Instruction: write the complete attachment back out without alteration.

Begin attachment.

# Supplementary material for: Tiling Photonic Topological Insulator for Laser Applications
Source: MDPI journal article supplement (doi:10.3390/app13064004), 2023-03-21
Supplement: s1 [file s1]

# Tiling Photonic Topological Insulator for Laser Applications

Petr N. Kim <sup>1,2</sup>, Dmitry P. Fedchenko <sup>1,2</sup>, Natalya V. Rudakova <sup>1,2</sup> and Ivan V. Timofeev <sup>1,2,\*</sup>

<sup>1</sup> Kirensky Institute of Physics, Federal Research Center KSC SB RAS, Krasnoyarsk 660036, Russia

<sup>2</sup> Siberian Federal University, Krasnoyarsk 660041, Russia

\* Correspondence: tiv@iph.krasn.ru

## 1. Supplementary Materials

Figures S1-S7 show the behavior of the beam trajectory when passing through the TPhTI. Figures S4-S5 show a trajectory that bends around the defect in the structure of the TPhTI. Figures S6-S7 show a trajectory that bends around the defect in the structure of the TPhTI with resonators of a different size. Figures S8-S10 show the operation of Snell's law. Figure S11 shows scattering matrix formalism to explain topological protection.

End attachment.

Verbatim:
# Supplementary material for: Tiling Photonic Topological Insulator for Laser Applications
Source: MDPI journal article supplement (doi:10.3390/app13064004), 2023-03-21
Supplement: s1 [file s1]

# Tiling Photonic Topological Insulator for Laser Applications

Petr N. Kim <sup>1,2</sup>, Dmitry P. Fedchenko <sup>1,2</sup>, Natalya V. Rudakova <sup>1,2</sup> and Ivan V. Timofeev <sup>1,2,\*</sup>

<sup>1</sup> Kirensky Institute of Physics, Federal Research Center KSC SB RAS, Krasnoyarsk 660036, Russia

<sup>2</sup> Siberian Federal University, Krasnoyarsk 660041, Russia

\* Correspondence: tiv@iph.krasn.ru

## 1. Supplementary Materials

Figures S1-S7 show the behavior of the beam trajectory when passing through the TPhTI. Figures S4-S5 show a trajectory that bends around the defect in the structure of the TPhTI. Figures S6-S7 show a trajectory that bends around the defect in the structure of the TPhTI with resonators of a different size. Figures S8-S10 show the operation of Snell's law. Figure S11 shows scattering matrix formalism to explain topological protection.